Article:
I think vet costs are going up a lot right now because these younger vets have huge student loans. When I was calling around to get my last kitten fixed, most places wanted over $400! Uh, no. My current vet (who’s older and well-established) wanted about $100.

  9. Well wishes to Phoebe. It’s not easy, parenting a pet we know we will lose. Bless you Homegrowns for taking such good care of her.

    I have never found a pet insurance policy that I was willing to buy. Most of the ones I’ve seen are not worth the investment.

  10. I concur with self-insuring. By putting the amount you’d pay in premiums into a savings account, you have coverage for both emergency and non-emergency expenses. I also have a CareCredit card, which I got when my dog had a medical emergency that I didn’t have savings to cover at the time. You get 6 months interest free, which wasn’t impossible to pay off in time.

  11. The last time I looked into insurance for my cats, it didn’t cover anything preventative, like annual check-ups and vaccinations. The problem is, that’s pretty much what I’d need it for! And for cats as old as mine–7 and 13–it would be prohibitively expensive. I’ve got savings and a credit card, and that’s what I use for the cats’ care.

    I suspect the insurance might be a better bet for someone with young cats who go outside, since so many bad things can happen to outside cats.

  12. I don’t have pet insurance, but a friend got it immediately after her dog swallowed a leash with a pet sitter (his pet sitter insurance covered the visit). Since then he’s had to go to the emergency vet twice more, the second time for surgery, for again, ingesting large things he shouldn’t be eating. So.. for her it definitely was worth it. As for myself, I sock away a small amount of money each month from my paycheck that accrues for little medical emergencies. The last time I brought my bunny in for a potential ear infection (her ear was drooping but I caught it so early there weren’t even any signs of huge ear mite colonies) it was less than $100 to treat. However, the time before that, I took my dog at the time (she’s since passed from old age) in because she had a raging fever and wasn’t eating: staying at the vet overnight for fluids, and then getting antibiotics set my family back $4000. Other than that I’ve never had any other problems. Sorry this doesn’t help at all.. it’s like human health, a lot of people forego getting health insurance because of the costs, but because I bike I absolutely must have it. Do you think your animals might be more accident/injury prone? This probably isn’t the best way to go about it, but with above poster I would compare rates and shop around if you feel strongly that you should get it for your animals.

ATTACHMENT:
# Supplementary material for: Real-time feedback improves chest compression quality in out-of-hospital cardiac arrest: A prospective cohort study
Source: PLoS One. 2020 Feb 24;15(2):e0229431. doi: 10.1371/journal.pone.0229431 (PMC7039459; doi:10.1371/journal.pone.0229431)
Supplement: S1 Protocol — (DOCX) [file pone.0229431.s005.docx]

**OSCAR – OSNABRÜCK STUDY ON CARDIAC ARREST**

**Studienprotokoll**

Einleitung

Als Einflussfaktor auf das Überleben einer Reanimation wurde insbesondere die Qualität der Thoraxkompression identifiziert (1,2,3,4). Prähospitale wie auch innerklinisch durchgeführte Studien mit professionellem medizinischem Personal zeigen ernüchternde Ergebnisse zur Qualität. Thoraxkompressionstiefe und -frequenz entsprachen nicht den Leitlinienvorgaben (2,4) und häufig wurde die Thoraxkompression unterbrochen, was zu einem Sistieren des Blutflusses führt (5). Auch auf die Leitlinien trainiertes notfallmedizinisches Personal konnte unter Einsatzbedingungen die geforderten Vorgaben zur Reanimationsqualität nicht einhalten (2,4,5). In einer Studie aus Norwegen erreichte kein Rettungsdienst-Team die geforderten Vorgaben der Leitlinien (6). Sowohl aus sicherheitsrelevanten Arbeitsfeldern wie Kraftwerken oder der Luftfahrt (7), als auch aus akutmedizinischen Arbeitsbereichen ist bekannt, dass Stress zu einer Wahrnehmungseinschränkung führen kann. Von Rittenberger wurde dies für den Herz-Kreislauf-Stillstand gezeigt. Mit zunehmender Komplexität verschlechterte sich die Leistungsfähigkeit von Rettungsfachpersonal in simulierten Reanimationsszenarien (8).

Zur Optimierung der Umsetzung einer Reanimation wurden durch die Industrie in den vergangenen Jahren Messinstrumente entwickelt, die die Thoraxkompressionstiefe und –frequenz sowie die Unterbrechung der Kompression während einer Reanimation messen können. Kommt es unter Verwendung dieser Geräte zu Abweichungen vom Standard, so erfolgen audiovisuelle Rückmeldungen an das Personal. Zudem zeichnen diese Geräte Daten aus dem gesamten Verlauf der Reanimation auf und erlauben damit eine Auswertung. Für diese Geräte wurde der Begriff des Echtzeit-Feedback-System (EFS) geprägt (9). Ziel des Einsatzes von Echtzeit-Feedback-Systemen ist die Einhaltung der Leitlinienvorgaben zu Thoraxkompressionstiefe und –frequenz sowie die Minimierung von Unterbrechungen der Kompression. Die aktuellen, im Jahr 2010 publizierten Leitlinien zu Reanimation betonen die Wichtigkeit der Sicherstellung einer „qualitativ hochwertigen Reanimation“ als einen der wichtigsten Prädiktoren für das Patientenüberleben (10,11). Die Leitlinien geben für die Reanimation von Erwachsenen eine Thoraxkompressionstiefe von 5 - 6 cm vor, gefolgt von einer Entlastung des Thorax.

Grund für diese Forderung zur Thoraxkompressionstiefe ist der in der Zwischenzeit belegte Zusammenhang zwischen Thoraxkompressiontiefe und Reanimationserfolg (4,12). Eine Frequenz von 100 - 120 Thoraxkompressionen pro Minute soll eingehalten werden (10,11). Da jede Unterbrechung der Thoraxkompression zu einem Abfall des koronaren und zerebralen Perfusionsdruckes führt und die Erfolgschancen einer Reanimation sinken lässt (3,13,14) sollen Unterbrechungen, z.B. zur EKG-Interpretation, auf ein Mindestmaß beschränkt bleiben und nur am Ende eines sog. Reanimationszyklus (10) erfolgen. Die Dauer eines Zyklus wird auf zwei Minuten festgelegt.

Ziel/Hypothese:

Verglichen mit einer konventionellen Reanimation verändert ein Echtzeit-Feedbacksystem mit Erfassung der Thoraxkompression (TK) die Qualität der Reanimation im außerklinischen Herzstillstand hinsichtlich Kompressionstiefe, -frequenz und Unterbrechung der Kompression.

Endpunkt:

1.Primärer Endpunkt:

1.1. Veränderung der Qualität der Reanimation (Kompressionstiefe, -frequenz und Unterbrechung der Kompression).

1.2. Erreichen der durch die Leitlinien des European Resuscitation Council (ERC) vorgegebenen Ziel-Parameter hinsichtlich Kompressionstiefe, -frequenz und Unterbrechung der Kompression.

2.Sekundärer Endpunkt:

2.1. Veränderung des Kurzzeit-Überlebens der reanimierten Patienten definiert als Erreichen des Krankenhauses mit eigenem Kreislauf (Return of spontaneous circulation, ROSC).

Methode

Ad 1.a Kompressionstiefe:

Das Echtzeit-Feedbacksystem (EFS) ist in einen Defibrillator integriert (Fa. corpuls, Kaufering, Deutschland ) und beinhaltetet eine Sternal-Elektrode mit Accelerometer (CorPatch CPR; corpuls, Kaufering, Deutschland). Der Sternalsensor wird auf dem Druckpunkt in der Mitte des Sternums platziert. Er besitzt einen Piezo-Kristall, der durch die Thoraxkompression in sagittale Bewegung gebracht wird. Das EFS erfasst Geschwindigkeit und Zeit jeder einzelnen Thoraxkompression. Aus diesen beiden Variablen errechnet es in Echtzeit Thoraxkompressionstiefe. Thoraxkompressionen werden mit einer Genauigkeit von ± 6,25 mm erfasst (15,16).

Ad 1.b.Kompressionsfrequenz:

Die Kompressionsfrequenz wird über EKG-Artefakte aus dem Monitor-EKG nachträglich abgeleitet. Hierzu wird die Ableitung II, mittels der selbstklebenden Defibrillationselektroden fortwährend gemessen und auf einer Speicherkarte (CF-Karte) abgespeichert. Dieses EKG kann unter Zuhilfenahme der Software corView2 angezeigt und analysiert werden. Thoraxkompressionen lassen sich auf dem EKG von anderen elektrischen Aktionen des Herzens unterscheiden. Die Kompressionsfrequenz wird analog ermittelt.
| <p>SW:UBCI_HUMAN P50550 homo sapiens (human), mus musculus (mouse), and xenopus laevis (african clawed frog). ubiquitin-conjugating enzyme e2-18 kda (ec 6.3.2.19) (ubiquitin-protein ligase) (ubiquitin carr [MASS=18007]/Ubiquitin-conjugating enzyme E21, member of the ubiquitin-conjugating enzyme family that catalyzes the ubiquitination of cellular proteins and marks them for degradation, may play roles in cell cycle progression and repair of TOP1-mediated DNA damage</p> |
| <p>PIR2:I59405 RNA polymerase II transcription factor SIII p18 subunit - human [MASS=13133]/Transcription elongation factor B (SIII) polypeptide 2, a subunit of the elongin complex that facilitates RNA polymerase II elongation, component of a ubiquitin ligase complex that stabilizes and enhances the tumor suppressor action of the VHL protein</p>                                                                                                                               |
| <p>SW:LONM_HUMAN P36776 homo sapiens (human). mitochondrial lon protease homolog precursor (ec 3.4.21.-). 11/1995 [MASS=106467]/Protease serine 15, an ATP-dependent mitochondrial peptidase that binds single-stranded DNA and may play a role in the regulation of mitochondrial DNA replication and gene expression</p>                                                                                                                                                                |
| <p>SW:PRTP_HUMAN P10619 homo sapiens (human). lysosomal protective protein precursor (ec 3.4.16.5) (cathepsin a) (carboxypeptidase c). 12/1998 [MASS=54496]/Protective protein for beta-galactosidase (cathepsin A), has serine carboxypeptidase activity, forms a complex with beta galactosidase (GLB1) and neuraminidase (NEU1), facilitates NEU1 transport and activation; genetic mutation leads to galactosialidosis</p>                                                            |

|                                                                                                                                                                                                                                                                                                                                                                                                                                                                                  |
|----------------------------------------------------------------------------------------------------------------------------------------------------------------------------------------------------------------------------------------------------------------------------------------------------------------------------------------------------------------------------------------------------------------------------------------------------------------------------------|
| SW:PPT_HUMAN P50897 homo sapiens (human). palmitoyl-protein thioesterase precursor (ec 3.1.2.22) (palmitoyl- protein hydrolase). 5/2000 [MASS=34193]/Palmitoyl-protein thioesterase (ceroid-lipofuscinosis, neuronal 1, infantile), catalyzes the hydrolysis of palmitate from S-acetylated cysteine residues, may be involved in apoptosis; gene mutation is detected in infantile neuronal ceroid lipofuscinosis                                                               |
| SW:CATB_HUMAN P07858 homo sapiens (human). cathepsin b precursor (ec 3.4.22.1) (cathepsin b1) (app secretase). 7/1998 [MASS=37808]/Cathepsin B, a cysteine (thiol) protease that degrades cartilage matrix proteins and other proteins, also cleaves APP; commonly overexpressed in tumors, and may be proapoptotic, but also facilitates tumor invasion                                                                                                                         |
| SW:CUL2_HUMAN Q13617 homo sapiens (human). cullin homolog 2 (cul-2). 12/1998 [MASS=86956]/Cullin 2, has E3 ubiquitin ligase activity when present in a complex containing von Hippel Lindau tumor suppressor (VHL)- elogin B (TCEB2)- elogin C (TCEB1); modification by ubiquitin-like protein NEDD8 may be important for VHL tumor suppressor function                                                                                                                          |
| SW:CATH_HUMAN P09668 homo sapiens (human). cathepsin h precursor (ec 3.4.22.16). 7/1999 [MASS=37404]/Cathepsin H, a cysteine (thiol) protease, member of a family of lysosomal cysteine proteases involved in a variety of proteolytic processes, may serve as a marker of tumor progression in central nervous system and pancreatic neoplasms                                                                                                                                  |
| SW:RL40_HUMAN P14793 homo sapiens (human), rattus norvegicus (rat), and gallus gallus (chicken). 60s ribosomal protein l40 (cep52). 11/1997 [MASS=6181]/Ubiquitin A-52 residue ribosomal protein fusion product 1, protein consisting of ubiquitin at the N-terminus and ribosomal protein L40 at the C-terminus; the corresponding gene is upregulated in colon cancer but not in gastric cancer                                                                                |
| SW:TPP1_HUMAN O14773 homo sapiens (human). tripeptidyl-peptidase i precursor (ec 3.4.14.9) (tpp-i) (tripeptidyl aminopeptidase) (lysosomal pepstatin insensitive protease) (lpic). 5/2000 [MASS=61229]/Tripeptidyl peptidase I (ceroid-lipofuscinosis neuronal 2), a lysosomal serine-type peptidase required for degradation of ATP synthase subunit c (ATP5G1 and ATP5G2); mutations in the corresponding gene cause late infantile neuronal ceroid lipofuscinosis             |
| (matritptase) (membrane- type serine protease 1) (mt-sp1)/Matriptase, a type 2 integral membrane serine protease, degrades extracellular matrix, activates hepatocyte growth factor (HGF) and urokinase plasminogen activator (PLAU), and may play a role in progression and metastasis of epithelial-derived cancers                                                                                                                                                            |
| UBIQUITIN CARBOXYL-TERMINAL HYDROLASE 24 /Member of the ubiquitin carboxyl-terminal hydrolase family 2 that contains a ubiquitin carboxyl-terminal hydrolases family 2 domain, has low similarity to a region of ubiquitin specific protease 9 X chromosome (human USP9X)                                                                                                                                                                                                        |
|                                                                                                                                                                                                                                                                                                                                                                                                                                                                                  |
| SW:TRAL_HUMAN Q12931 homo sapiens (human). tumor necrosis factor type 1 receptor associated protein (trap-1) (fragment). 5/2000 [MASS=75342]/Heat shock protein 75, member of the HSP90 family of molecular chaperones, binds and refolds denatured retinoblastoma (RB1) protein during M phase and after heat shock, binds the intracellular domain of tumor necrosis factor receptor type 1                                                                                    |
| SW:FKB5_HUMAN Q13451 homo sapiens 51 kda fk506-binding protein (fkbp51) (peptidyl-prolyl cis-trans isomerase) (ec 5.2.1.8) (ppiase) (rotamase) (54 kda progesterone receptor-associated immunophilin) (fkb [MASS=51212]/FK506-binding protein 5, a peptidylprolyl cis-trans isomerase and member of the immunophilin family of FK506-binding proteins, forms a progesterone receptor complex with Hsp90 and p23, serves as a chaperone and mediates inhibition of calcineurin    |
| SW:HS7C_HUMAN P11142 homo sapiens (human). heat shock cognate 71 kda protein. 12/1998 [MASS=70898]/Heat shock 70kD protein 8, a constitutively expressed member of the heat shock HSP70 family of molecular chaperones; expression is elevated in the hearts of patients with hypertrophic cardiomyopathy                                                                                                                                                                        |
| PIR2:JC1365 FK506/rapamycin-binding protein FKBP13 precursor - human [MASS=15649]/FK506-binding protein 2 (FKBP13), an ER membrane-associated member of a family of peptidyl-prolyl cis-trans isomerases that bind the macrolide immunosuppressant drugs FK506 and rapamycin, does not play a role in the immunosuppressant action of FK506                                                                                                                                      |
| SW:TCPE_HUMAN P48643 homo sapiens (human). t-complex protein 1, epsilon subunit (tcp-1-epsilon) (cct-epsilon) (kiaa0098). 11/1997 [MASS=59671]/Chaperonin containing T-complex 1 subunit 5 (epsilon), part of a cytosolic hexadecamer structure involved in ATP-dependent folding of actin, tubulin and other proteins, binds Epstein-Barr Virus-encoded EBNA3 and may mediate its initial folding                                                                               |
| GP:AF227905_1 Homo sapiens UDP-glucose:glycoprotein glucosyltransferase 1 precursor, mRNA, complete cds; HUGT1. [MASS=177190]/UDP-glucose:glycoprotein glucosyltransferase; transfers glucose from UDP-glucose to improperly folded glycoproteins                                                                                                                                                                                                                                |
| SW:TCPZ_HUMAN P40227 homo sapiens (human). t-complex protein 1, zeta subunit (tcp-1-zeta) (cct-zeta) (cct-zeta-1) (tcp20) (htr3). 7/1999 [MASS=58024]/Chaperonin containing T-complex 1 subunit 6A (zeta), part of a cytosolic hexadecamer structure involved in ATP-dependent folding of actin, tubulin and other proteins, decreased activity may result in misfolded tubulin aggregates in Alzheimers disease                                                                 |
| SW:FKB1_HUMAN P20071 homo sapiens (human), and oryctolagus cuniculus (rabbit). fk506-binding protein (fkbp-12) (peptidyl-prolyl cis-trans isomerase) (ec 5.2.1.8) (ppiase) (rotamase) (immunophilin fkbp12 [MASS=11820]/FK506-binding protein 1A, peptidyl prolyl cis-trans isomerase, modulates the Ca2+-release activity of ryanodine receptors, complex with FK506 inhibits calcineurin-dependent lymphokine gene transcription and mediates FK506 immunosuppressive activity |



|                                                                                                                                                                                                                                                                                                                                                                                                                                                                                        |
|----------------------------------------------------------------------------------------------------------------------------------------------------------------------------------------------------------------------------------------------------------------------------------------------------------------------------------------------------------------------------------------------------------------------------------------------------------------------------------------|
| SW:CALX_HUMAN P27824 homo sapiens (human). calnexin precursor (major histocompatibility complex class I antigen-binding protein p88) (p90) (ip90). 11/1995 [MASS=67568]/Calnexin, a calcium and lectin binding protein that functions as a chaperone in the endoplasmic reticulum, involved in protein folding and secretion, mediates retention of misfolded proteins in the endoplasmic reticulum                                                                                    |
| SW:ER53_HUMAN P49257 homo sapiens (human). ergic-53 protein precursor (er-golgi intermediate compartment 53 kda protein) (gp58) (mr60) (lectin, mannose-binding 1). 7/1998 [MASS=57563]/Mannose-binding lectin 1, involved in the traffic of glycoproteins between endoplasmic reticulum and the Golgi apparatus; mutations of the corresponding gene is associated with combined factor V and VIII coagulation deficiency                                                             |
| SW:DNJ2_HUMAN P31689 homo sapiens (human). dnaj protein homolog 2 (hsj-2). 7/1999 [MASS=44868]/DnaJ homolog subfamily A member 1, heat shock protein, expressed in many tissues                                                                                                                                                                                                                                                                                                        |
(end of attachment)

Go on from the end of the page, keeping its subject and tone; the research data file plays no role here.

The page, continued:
13. I’m with your other commenters – I have never bought it and probably never will. We try to keep our animals in good health, and have had nice vets be willing to work with us to develop treatment plans when needed. Vet care shouldn’t take cues from our horrible healthcare system.

  14. I thought Kathy P. said it very well – it comes down to quality of life. I don’t want to put my pets through an expensive and difficult procedure. They aren’t going to understand that it is potentially prolonging their life. And I would honestly be doing it for myself rather than them.